By Chris Leedy
here may be no civil rights organization as accomplished as the National Association for the Advancement of Coloured People (NAACP), which in its 88 years endured many hardships to now emerge with more than a half-million members in countries as diverse as the United States, Great Britain, Germany, Spain and Japan – bigger and stronger than ever.
Yet the matter which was foremost in the mind of NAACP President Kweisi Mfume as he spoke to the delegates at the NAACP 1997 Western Regional Conference in Los Angeles, California was not what has been achieved but what the organization must now become.
We must be an organization judged not by the words we say, said the five-term U.S. Congressman and chairman of the Congressional Black Caucus who resigned his elected office to become the President and CEO of the NAACP, but by the deeds that we do. These are not the days to do less, but to do more.
He noted that the organization must be one of effective action against all things that stand for “discrimination, bigotry, second-class citizenship and all of that other foolishness,” but he also called for members to explore different approaches to addressing these problems and to do things which, even if unpopular, bring results and change. “The road less travelled may still seem less certain, but it is also often the one of greater reward.”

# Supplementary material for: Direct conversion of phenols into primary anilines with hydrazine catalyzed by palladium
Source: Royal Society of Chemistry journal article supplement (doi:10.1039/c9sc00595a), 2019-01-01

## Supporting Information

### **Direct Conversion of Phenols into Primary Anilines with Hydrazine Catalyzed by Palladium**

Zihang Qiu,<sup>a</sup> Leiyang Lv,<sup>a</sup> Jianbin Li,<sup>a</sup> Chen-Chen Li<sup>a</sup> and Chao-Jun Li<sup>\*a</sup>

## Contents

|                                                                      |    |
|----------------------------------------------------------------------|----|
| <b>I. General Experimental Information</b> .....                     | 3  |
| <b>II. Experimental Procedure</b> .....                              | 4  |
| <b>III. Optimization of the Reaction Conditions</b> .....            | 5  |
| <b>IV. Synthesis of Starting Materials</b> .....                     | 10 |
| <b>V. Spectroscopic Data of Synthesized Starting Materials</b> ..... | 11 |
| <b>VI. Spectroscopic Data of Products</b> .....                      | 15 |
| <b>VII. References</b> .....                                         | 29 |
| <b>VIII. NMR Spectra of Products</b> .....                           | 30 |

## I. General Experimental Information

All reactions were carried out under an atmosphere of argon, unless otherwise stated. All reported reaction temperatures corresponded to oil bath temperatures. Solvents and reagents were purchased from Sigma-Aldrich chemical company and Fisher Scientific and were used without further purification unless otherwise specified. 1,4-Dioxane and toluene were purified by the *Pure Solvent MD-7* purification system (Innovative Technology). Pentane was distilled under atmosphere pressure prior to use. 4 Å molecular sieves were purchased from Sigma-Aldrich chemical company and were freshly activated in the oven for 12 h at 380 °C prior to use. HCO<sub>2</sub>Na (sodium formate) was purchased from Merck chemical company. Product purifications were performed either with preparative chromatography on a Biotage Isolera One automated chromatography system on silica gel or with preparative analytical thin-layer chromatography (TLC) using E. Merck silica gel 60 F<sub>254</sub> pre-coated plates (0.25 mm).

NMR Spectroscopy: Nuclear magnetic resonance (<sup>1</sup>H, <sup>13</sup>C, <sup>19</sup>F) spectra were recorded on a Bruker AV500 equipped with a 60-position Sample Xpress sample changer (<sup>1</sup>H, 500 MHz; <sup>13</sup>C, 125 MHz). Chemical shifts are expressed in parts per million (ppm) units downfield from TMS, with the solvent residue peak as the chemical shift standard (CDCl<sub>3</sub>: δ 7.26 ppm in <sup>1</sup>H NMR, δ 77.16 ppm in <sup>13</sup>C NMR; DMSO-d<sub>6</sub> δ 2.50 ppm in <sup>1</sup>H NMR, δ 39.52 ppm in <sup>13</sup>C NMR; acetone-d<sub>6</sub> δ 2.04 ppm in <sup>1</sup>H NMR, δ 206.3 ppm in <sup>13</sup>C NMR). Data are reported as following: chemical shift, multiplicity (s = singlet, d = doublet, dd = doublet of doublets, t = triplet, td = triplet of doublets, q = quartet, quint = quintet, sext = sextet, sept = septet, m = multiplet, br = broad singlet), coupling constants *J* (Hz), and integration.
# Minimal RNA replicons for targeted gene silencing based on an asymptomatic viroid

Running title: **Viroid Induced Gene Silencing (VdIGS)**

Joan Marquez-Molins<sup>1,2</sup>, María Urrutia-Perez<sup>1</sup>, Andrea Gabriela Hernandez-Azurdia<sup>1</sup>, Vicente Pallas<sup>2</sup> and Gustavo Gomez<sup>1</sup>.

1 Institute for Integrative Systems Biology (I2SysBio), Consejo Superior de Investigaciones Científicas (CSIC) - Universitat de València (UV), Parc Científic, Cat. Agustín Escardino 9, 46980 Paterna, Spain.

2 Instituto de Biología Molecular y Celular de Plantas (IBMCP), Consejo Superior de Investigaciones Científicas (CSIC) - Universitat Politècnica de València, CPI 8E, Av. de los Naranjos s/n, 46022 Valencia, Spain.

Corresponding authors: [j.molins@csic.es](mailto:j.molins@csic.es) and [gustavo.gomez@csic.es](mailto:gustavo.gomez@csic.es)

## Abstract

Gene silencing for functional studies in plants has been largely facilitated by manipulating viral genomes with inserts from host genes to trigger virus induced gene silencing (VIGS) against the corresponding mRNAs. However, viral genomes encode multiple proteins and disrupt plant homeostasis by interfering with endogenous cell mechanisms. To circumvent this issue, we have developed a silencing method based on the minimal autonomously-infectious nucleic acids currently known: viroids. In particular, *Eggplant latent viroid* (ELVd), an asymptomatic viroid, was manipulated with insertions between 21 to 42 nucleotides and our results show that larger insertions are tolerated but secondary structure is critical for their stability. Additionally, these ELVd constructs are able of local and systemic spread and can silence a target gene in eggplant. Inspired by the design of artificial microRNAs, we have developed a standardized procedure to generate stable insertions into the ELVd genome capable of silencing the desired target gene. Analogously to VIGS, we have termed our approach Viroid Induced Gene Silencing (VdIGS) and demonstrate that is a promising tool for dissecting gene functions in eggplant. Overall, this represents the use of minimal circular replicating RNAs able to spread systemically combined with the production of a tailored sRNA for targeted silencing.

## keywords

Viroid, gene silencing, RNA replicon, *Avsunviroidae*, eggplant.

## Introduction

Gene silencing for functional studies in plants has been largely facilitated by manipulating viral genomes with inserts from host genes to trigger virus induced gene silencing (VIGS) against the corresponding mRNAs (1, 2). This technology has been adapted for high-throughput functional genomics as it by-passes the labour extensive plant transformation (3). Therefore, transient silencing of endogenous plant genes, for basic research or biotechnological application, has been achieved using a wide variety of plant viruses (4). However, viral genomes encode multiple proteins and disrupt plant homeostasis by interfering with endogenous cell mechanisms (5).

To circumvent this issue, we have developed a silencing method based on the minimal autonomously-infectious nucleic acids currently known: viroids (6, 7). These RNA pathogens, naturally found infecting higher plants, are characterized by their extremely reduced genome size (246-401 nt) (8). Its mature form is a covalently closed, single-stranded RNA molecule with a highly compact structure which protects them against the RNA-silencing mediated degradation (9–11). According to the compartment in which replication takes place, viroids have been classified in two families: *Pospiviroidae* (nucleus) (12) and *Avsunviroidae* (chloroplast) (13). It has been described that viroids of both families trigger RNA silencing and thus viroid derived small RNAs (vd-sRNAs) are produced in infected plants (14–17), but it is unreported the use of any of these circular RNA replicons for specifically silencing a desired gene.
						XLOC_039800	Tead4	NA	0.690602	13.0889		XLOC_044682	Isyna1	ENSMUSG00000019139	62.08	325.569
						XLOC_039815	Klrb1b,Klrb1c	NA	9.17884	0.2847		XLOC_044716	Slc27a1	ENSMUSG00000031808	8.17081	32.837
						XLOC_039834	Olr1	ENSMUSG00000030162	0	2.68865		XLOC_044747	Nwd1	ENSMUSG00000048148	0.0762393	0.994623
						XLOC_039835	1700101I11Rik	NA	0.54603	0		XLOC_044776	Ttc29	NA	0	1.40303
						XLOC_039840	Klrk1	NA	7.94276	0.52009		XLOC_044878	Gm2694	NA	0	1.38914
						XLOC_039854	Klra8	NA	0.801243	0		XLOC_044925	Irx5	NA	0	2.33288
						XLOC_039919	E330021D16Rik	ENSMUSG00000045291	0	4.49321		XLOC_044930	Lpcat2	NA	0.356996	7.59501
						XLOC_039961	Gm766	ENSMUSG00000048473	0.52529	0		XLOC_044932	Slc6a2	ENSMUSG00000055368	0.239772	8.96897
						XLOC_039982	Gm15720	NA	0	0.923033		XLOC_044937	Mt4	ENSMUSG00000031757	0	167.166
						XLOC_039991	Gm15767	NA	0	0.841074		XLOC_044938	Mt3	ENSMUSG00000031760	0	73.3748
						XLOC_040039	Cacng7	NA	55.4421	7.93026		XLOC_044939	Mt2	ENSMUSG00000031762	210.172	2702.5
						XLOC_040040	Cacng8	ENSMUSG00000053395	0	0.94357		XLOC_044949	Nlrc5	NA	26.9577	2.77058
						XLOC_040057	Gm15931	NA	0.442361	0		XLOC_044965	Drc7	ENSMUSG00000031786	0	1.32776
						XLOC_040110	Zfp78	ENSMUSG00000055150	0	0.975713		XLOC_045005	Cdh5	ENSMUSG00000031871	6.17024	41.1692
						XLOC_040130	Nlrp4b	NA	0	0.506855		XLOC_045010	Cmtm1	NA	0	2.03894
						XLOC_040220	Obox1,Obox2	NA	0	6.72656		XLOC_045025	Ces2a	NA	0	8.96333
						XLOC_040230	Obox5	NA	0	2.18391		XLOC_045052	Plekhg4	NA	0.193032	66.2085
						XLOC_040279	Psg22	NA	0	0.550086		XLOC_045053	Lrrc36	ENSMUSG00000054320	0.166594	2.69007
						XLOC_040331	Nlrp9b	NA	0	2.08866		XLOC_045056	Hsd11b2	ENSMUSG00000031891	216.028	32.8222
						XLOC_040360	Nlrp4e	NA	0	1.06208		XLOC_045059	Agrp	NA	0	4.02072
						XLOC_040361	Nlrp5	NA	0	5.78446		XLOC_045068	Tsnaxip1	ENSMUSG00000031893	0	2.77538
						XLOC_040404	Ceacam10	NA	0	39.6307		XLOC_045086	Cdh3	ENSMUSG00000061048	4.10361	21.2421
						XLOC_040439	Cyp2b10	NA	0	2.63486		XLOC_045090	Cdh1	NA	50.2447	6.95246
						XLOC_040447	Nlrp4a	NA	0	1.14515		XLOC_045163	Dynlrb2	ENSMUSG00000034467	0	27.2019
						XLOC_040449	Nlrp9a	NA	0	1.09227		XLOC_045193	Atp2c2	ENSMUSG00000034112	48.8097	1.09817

It was in that vein – seeking effective action and those who carry it forward – that the NAACP Western Region presented special awards to individuals who are bringing first-class citizenship within reach for all. Rather than given at annual affairs, such award presentations only occur when truly outstanding achievement warrants it.
President of the Church of Scientology International, Rev. Jentzsch stressed the importance of literacy as a solution to crime, drugs and moral decay.
Rev. Heber C. Jentzsch, President of the Church of Scientology International, was honoured on April 26 by the NAACP for his decades of support and contributions to the African-American community.